Of course, instant results should not be expected; moving from risk obesity to a proper degree of risk will take time. In seeking physical weight loss, general health must be maintained during the dieting period, giving attention to the usual processes of life such as exercise, work, rest, and relationships. Similarly, project teams seeking to reduce their risk exposure should not ignore other aspects of the project in the drive to shed risk, but must continue to pay attention to the other routine aspects of project management while they act to reduce risk exposure, as well as managing client relationships, staff morale, marketing, communication, etc.

Long Term: Change Risk-Taking Habits

The short-term treatment for risk obesity involves the risk equivalent of “losing weight” by reducing overall risk exposure to a level that can be managed within the risk capacity of the project. Long-term treatment requires a change in risk-taking behavior to ensure a more balanced risk diet, so that a healthier level of risk exposure can be maintained. This means developing new risk-taking habits when the target level of risk exposure is reached, through our risk culture and risk management approach.

The details of a balanced risk diet will be different for each project, and the degree of risk exposure will need to be monitored carefully to ensure that it remains within acceptable bounds. We need to be aware of our risk appetite and manage it proactively on a daily basis (Hillson & Murray-Webster, 2012). This involves answering questions such as: Do we feel hungry to take on more risk? Is that appropriate now, or should we resist the risk-seeking urge? Are we getting a balanced risk diet, including the right range of opportunities that will promote healthy growth? Or is there an area where taking on more risk or a different type of risk would bring useful rewards?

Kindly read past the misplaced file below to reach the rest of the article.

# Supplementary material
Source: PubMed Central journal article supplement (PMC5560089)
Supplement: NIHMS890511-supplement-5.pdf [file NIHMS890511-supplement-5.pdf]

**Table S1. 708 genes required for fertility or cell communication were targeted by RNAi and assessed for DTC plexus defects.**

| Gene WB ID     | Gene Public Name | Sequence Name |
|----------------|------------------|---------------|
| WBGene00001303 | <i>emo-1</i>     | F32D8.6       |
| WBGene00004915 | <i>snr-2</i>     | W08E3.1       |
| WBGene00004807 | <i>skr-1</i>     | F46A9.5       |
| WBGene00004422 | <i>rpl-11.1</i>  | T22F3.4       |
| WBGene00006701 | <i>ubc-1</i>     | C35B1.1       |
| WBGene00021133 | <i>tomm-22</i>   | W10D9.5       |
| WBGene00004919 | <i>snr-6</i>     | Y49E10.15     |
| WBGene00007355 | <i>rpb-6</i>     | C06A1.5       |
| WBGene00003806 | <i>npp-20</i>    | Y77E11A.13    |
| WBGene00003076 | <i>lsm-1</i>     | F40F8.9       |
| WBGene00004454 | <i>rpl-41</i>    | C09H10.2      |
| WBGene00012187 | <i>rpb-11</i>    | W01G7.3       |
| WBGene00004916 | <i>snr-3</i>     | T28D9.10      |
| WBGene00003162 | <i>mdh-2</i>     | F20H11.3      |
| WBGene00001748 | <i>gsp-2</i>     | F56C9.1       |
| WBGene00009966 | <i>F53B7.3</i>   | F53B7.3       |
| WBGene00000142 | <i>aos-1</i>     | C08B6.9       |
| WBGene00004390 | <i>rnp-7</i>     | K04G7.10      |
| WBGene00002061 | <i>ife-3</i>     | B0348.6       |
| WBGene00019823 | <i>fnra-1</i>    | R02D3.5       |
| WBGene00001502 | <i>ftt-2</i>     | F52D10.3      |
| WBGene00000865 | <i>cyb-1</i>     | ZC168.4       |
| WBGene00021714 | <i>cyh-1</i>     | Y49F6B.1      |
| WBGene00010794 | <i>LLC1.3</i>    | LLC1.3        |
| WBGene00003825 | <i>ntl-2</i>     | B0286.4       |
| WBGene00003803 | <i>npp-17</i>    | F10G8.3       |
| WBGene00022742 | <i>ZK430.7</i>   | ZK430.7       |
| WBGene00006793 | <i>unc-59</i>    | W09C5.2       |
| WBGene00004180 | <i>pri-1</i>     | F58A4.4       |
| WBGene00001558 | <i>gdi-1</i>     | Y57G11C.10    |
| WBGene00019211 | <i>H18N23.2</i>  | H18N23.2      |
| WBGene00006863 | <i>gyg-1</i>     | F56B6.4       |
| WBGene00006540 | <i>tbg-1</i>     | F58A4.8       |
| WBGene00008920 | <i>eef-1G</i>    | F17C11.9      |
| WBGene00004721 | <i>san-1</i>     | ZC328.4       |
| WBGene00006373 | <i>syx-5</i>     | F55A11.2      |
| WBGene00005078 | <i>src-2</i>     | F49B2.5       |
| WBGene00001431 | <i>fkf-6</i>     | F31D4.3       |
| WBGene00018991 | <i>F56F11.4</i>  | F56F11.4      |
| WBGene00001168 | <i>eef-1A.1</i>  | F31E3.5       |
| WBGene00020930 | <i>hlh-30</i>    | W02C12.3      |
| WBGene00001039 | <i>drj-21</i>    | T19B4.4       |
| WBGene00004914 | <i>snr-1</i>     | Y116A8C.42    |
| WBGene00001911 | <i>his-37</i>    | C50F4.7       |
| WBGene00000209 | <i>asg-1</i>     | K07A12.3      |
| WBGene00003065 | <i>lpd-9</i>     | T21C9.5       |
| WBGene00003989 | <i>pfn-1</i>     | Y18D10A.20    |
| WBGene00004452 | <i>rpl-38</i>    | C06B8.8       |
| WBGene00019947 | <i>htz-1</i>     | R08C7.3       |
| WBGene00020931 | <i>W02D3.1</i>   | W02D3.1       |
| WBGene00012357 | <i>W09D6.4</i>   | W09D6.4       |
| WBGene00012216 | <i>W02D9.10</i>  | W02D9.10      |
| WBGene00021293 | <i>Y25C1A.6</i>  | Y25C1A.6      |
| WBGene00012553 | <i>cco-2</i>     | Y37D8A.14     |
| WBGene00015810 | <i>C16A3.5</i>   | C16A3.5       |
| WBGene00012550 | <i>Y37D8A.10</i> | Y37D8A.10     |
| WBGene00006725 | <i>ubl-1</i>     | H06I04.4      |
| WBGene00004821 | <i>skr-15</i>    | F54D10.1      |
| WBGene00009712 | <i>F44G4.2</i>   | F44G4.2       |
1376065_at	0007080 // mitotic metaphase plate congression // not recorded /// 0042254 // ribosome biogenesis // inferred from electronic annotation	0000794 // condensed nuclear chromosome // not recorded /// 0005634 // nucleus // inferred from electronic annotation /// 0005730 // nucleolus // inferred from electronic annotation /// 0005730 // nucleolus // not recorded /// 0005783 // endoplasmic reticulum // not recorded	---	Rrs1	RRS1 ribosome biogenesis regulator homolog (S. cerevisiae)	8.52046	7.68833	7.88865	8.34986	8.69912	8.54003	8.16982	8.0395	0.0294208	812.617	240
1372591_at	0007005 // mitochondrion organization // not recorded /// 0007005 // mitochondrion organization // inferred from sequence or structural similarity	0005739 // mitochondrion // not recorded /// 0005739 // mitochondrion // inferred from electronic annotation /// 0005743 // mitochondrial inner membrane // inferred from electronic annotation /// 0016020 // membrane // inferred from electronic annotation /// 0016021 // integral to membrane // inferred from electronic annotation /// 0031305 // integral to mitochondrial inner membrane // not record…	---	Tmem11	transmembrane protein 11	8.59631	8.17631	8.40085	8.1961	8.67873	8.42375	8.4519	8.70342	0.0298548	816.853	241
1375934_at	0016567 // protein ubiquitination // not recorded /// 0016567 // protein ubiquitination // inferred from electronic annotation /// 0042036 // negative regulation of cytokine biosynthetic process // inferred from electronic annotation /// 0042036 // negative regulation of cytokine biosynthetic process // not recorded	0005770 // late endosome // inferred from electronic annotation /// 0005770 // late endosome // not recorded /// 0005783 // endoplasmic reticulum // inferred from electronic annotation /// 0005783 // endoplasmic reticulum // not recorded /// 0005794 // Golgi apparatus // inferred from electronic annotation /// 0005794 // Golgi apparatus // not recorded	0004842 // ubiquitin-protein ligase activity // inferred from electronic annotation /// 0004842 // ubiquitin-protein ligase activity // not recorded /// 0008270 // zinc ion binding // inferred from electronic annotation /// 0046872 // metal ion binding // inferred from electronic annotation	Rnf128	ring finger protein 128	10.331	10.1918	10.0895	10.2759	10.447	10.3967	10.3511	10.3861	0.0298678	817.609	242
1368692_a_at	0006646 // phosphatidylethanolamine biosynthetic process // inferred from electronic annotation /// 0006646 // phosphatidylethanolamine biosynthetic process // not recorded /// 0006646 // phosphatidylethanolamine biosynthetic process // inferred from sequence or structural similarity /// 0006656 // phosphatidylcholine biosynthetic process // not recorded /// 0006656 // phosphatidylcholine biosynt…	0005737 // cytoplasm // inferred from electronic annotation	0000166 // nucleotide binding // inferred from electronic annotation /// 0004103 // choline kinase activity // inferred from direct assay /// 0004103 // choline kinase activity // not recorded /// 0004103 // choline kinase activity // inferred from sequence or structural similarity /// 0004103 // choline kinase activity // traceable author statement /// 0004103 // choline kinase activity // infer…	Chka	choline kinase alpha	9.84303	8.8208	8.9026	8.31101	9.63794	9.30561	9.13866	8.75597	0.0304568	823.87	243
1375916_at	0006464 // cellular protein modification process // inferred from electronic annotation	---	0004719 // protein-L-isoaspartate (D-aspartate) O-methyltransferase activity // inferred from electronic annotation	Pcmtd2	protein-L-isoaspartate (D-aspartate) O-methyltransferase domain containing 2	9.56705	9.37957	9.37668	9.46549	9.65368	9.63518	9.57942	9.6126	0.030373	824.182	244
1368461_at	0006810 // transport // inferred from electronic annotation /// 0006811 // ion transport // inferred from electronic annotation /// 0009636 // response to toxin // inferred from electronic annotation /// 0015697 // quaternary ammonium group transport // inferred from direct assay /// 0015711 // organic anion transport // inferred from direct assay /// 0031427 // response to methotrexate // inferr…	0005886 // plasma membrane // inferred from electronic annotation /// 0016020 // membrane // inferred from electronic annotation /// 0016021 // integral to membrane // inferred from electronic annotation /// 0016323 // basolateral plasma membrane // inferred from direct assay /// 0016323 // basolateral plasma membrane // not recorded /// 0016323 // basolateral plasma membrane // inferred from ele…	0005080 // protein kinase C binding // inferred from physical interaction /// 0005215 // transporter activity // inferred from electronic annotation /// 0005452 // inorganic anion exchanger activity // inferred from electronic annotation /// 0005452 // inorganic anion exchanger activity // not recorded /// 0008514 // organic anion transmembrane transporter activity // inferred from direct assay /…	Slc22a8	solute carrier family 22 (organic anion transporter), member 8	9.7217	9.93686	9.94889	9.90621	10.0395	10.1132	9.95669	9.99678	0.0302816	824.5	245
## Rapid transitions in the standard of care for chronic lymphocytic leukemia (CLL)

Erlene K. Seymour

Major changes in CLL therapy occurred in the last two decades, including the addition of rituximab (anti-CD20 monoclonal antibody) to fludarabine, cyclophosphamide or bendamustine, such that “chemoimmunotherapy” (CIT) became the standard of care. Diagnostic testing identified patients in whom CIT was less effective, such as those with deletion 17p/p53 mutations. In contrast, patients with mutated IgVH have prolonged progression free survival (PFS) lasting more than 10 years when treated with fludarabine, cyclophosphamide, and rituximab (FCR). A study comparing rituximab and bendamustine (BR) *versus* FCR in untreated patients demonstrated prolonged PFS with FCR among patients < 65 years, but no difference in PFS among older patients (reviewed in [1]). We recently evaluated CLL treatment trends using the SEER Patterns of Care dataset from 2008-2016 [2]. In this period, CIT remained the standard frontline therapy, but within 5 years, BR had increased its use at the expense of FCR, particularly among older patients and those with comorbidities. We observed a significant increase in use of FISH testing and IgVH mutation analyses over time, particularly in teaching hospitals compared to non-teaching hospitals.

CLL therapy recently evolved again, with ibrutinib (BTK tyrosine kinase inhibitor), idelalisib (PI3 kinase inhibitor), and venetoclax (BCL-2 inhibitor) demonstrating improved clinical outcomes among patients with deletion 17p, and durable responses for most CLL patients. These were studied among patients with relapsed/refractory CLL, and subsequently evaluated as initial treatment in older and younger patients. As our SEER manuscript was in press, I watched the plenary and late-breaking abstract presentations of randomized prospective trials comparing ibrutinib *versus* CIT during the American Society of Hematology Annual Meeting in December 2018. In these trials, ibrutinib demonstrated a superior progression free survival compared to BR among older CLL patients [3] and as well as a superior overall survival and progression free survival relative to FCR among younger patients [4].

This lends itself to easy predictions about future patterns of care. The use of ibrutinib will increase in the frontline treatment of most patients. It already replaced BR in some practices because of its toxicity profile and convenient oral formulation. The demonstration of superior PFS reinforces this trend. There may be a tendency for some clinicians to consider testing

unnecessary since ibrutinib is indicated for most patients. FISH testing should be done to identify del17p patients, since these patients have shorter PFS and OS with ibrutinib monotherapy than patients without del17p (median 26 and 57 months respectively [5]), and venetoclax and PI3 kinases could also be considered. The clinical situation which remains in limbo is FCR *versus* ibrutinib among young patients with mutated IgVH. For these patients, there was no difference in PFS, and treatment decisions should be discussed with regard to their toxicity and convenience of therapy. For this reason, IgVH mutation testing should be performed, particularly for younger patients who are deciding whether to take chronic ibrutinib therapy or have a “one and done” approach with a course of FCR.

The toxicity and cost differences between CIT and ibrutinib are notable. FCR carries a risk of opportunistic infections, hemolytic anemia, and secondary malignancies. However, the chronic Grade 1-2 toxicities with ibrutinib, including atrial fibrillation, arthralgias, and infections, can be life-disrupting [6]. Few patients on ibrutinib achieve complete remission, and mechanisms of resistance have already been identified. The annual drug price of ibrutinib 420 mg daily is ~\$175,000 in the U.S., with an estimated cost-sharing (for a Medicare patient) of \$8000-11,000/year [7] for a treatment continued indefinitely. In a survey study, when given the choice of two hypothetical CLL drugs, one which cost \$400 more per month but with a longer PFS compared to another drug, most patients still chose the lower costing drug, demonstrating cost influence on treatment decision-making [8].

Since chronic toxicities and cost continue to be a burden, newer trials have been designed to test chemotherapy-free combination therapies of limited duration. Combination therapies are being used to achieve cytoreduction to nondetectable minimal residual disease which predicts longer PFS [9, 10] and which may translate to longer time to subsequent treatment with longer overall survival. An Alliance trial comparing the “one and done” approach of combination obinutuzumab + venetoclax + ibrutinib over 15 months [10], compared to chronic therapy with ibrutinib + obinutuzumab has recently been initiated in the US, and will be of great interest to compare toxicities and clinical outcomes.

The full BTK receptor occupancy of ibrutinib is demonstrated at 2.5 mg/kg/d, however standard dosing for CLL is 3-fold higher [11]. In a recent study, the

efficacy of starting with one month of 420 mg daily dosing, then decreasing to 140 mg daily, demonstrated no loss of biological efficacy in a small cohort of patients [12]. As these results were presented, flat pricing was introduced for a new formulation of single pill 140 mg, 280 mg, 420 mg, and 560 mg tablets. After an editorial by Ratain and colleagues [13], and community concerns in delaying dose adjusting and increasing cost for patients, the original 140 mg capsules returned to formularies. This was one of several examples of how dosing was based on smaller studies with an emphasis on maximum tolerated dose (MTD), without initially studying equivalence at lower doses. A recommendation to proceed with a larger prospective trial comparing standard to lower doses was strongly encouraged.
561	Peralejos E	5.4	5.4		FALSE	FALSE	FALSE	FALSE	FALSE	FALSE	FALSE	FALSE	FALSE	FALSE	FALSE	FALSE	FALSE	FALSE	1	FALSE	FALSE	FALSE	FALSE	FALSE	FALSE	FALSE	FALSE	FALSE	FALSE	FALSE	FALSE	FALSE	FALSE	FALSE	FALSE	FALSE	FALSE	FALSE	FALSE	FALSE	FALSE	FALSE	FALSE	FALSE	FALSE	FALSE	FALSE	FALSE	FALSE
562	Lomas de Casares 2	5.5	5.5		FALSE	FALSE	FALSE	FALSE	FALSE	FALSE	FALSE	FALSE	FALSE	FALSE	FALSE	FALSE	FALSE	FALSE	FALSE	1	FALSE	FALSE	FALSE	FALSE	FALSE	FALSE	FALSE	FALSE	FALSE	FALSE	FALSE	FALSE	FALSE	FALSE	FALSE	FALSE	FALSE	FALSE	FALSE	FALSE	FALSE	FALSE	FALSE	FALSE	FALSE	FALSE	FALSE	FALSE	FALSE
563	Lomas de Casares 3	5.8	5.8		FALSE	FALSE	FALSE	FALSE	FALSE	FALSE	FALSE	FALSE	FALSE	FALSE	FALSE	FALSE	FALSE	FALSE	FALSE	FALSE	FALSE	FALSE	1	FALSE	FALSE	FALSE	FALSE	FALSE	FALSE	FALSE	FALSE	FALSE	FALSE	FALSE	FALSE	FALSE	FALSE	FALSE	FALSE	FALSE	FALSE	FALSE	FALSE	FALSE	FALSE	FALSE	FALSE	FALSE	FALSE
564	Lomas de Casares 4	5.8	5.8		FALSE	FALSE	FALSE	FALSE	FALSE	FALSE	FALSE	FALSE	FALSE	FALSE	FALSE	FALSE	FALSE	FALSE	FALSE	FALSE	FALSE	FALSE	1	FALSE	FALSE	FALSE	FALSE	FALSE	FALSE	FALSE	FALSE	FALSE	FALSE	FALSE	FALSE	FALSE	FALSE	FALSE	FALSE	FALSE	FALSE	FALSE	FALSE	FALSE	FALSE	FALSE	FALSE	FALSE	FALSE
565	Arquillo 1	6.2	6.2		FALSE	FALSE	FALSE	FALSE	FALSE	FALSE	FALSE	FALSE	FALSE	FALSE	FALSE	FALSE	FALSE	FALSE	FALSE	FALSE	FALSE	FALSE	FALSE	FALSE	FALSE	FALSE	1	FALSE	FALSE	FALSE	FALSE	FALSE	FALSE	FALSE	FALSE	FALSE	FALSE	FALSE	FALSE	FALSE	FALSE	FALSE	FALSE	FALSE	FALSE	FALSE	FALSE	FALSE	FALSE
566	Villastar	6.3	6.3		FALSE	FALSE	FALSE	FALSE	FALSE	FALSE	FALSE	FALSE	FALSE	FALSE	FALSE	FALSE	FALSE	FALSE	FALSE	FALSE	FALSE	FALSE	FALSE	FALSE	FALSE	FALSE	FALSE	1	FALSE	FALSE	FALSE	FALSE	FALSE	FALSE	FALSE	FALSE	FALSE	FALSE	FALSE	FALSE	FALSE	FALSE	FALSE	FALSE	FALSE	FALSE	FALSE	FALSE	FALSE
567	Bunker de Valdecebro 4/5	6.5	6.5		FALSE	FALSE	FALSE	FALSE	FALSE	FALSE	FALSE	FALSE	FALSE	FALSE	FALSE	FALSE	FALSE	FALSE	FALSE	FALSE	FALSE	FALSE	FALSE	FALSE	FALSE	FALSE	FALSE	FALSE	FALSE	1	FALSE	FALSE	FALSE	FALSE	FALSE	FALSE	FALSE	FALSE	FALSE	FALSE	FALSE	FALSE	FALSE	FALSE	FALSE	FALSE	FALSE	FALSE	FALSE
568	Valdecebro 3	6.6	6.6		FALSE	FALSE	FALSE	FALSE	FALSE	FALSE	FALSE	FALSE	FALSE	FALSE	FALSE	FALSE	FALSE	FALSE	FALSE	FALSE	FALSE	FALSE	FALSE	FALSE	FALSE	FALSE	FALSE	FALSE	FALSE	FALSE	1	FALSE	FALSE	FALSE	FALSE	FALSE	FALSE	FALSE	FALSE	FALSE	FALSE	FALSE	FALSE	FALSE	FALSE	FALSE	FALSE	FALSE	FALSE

We have seen that the acceptable level of risk is defined by setting risk thresholds against each objective; these thresholds need to reflect the organizational risk appetite. We need to ensure that we review each decision that involves taking on additional risk, whether it is changing the strategic direction of the project or determining new tactics for project development and execution. In each case, we need to ask whether the amount of risk we are taking on will cause us to exceed the risk threshold. If it does, we must have effective measures in place to absorb that risk without disrupting the overall health of our project.

By clearly understanding our risk appetite at project level, expressing that risk appetite through quantified risk thresholds for each objective, and monitoring risk exposure to ensure that we stay within these thresholds, we can develop new and healthier risk-taking habits that prevent a return to risk obesity.

Staying Risk Healthy

This paper uses the metaphor of physical obesity as a way to explore a common problem with managing risk in projects. Risk obesity occurs frequently across the world in a variety of industry sectors, but effective treatments are available to enable sufferers to recover to a place where they are symptom-free.

Being free of the symptoms is not enough, however. In the same way that peace is not the absence of war, and happiness is not the absence of sadness, it is also true that positive well-being is not gained simply by ensuring the absence of illness or ailments. This was recognized as long ago as 1946 in the preamble to the constitution of the World Health Organization, which defines health as “a state of complete physical, mental and social wellbeing and not merely the absence of disease or infirmity” (World Health Organization, 1946, p. 1).

So in the physical realm, health is not merely the absence of disease. It is also true in the area of business, projects, and risk. It is not enough simply to diagnose and treat any shortcomings in the way we manage risk in our projects and businesses. We also need to actively promote health and well-being in risk management.

Risk health is more than the absence of risk ailments. It is a positive state of well-being in which risk management capability and competence are effective, robust, well established, and growing. There are five strategies that can help a project-based organization gain risk health and stay healthy (Hillson, 2014):

  1. Develop a mature organizational risk culture
  2. Demonstrate clear risk leadership